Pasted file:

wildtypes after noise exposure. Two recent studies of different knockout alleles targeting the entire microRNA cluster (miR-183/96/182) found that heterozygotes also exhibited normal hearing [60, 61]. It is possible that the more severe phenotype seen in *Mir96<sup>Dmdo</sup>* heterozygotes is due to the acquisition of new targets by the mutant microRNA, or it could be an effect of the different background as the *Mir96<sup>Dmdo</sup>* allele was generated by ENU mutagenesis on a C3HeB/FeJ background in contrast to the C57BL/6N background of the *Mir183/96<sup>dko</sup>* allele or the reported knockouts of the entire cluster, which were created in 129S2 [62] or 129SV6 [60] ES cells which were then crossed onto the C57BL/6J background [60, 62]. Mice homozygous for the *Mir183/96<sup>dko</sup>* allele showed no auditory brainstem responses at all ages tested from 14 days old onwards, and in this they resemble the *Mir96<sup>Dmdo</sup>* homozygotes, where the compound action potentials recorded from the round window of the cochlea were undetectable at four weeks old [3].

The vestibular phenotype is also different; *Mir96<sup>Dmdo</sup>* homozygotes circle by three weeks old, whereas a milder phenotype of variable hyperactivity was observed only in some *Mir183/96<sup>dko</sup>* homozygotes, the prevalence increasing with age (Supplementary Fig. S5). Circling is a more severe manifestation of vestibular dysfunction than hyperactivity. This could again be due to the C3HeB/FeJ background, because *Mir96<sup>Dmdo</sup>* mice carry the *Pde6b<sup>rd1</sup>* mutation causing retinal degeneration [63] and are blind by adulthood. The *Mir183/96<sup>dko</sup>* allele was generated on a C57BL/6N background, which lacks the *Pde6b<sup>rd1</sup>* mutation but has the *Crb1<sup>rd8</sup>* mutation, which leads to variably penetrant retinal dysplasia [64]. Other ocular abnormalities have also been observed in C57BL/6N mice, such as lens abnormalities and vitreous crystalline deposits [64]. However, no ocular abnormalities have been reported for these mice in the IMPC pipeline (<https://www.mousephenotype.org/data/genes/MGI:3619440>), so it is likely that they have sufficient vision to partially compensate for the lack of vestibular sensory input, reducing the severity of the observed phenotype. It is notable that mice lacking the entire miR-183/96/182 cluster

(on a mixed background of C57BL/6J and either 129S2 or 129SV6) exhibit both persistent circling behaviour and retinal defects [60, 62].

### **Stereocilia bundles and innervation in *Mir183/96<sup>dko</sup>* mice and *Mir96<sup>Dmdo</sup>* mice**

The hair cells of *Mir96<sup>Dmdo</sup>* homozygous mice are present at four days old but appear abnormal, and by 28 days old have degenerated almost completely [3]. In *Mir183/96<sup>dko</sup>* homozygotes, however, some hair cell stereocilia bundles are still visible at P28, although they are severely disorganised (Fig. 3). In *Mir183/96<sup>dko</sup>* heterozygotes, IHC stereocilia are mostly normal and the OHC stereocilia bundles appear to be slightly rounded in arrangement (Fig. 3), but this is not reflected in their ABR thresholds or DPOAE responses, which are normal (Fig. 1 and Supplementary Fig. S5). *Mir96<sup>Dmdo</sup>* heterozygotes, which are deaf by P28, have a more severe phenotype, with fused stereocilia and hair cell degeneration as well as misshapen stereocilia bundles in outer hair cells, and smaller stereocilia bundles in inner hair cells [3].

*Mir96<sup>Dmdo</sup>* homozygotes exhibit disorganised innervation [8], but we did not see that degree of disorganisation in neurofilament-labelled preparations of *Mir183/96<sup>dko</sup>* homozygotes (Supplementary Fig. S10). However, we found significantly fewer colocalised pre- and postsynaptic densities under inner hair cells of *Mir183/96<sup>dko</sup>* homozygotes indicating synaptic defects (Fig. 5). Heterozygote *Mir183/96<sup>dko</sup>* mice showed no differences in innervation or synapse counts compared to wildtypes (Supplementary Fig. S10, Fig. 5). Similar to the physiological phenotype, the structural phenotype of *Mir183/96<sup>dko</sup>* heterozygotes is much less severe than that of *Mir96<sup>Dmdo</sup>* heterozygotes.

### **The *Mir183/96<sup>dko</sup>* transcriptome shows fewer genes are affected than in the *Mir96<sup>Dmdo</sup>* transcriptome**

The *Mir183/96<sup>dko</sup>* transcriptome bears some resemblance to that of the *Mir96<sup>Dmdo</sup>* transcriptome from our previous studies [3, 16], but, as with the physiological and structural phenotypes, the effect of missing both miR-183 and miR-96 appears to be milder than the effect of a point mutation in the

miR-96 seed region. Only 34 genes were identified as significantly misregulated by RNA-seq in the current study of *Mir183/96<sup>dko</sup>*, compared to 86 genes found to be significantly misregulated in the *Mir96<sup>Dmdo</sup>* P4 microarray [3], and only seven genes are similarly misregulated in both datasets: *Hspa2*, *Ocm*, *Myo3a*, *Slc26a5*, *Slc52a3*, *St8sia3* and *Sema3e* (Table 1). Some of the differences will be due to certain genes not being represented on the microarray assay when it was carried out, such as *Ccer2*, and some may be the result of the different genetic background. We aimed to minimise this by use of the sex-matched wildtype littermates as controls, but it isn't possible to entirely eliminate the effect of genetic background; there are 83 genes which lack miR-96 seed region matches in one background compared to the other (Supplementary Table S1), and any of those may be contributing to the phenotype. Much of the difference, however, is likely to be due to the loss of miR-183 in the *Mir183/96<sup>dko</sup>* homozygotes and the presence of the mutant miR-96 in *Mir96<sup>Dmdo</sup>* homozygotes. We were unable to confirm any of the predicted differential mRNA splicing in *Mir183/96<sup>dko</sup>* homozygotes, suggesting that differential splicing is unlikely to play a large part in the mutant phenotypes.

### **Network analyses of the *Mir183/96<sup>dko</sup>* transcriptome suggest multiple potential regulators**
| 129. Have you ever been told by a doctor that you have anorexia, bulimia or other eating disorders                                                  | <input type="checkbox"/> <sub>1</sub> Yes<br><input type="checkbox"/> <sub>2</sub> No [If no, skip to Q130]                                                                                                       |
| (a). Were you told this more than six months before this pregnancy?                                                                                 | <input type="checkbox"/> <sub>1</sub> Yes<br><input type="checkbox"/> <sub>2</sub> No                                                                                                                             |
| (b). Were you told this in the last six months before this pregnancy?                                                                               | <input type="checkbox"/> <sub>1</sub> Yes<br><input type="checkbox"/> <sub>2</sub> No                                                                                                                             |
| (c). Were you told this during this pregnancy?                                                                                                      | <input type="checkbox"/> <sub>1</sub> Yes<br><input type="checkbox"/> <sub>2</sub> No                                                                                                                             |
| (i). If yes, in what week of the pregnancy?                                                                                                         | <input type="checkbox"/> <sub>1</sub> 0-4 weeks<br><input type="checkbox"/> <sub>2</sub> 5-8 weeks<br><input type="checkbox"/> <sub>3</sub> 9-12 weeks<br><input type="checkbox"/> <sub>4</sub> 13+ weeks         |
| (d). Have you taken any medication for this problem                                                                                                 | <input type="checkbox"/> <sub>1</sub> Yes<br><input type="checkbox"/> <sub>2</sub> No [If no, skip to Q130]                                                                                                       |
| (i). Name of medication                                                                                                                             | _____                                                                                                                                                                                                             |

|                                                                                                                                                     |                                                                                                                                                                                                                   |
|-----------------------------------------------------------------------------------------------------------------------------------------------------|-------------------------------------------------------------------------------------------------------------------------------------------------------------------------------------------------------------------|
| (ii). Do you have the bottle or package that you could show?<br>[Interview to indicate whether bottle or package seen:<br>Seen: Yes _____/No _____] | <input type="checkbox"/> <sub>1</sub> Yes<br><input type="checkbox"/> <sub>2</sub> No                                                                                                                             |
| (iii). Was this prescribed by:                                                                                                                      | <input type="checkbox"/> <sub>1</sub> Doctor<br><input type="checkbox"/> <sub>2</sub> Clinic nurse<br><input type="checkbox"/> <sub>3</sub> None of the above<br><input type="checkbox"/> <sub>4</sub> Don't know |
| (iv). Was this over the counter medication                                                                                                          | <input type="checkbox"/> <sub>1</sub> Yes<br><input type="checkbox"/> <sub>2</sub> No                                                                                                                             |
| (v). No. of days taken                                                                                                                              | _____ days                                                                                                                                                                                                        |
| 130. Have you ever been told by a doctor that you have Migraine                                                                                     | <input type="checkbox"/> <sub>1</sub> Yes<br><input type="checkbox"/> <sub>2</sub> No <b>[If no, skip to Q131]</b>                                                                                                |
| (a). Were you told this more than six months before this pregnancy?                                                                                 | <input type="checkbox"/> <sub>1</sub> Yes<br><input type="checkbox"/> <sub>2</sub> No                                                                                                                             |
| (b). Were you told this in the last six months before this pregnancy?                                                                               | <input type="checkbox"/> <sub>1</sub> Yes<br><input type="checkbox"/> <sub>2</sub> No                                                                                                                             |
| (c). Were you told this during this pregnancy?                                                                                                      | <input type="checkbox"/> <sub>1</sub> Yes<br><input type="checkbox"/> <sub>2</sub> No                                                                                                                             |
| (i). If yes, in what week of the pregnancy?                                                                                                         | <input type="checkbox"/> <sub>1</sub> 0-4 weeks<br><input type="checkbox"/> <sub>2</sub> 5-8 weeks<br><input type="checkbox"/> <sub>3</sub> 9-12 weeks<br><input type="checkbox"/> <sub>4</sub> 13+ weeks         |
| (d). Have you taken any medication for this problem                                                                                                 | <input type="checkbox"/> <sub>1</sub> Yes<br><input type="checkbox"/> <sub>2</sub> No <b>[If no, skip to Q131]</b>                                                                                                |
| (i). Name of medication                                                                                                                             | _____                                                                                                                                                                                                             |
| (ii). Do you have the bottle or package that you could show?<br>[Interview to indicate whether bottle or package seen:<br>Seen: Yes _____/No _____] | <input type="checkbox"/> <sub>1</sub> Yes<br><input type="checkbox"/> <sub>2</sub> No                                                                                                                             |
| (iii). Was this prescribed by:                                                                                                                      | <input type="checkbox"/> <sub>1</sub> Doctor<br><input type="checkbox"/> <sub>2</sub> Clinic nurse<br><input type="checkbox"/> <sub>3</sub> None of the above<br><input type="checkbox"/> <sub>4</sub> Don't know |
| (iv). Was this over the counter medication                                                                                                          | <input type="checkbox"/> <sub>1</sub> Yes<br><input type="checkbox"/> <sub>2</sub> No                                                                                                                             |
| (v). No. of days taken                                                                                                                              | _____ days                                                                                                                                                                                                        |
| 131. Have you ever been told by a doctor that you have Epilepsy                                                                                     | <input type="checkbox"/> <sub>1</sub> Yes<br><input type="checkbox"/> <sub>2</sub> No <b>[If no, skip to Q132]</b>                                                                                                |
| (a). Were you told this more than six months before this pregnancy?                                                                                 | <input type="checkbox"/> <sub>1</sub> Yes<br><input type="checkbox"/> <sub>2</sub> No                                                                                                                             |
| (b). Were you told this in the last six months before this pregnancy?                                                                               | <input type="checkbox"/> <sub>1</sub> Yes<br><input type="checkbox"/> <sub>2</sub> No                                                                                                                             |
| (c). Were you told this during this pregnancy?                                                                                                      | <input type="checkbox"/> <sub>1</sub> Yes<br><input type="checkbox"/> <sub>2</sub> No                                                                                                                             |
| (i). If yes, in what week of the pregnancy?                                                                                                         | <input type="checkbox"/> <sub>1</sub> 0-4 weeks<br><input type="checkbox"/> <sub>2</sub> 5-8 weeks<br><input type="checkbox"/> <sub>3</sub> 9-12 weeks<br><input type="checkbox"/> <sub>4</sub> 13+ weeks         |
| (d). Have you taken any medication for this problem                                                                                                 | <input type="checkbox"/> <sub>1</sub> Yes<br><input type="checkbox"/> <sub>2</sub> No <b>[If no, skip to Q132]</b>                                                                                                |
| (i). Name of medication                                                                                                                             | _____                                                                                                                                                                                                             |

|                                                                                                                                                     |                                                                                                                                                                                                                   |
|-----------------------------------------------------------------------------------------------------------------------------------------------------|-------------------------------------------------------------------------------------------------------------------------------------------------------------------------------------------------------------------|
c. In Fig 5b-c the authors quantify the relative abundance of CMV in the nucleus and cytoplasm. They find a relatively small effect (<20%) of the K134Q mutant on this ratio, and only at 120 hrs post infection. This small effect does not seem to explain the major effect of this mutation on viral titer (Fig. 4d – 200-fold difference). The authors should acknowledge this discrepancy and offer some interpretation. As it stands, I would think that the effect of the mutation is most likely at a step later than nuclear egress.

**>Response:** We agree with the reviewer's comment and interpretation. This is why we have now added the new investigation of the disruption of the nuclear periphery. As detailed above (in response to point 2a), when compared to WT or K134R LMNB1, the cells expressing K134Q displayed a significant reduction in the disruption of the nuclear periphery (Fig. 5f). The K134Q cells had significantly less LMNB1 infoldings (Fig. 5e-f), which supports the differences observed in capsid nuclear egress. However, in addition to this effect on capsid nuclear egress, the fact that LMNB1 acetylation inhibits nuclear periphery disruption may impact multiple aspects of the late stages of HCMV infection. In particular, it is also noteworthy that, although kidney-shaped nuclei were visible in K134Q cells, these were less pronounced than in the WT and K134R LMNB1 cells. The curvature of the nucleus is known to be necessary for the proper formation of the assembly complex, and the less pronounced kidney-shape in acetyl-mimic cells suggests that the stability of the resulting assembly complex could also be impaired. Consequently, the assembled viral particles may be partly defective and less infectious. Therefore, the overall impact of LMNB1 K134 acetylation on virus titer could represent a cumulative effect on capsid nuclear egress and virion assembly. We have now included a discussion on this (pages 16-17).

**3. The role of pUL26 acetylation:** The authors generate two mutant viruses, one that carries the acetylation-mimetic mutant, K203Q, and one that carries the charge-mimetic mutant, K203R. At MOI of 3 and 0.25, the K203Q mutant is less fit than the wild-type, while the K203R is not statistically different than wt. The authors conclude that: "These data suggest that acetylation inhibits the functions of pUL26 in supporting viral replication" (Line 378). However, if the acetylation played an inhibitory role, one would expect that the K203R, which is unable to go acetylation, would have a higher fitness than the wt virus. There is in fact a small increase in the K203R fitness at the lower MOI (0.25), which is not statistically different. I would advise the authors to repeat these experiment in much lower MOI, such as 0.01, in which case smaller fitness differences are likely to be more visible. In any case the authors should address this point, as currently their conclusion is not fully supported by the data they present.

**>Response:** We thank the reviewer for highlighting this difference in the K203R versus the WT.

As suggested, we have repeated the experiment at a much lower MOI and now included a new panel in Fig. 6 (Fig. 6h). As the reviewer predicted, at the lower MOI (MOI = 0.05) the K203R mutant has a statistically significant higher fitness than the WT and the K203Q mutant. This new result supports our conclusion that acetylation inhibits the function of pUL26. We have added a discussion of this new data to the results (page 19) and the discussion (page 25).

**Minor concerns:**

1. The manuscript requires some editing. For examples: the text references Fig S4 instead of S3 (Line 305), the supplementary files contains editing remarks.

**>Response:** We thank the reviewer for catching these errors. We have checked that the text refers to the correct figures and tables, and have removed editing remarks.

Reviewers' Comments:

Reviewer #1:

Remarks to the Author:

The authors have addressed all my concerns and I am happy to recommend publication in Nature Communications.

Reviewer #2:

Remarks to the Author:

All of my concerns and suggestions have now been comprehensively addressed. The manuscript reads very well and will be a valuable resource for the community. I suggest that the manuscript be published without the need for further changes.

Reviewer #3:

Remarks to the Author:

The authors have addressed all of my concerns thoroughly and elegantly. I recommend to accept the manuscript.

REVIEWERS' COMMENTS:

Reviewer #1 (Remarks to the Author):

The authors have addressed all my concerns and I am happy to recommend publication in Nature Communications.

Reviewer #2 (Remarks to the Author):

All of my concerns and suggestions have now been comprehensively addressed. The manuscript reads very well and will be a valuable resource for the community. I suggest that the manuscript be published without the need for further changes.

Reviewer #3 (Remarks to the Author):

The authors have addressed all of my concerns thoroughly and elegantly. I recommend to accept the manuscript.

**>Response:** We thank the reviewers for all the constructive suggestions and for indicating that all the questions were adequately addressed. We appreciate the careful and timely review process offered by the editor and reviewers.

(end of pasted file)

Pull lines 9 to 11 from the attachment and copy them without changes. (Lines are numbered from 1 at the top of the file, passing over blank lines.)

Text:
miR-96 seed region. Only 34 genes were identified as significantly misregulated by RNA-seq in the current study of *Mir183/96<sup>dko</sup>*, compared to 86 genes found to be significantly misregulated in the *Mir96<sup>Dmdo</sup>* P4 microarray [3], and only seven genes are similarly misregulated in both datasets: *Hspa2*, *Ocm*, *Myo3a*, *Slc26a5*, *Slc52a3*, *St8sia3* and *Sema3e* (Table 1). Some of the differences will be due to certain genes not being represented on the microarray assay when it was carried out, such as *Ccer2*, and some may be the result of the different genetic background. We aimed to minimise this by use of the sex-matched wildtype littermates as controls, but it isn't possible to entirely eliminate the effect of genetic background; there are 83 genes which lack miR-96 seed region matches in one background compared to the other (Supplementary Table S1), and any of those may be contributing to the phenotype. Much of the difference, however, is likely to be due to the loss of miR-183 in the *Mir183/96<sup>dko</sup>* homozygotes and the presence of the mutant miR-96 in *Mir96<sup>Dmdo</sup>* homozygotes. We were unable to confirm any of the predicted differential mRNA splicing in *Mir183/96<sup>dko</sup>* homozygotes, suggesting that differential splicing is unlikely to play a large part in the mutant phenotypes.

### **Network analyses of the *Mir183/96<sup>dko</sup>* transcriptome suggest multiple potential regulators**
| 129. Have you ever been told by a doctor that you have anorexia, bulimia or other eating disorders                                                  | <input type="checkbox"/> <sub>1</sub> Yes<br><input type="checkbox"/> <sub>2</sub> No [If no, skip to Q130]                                                                                                       |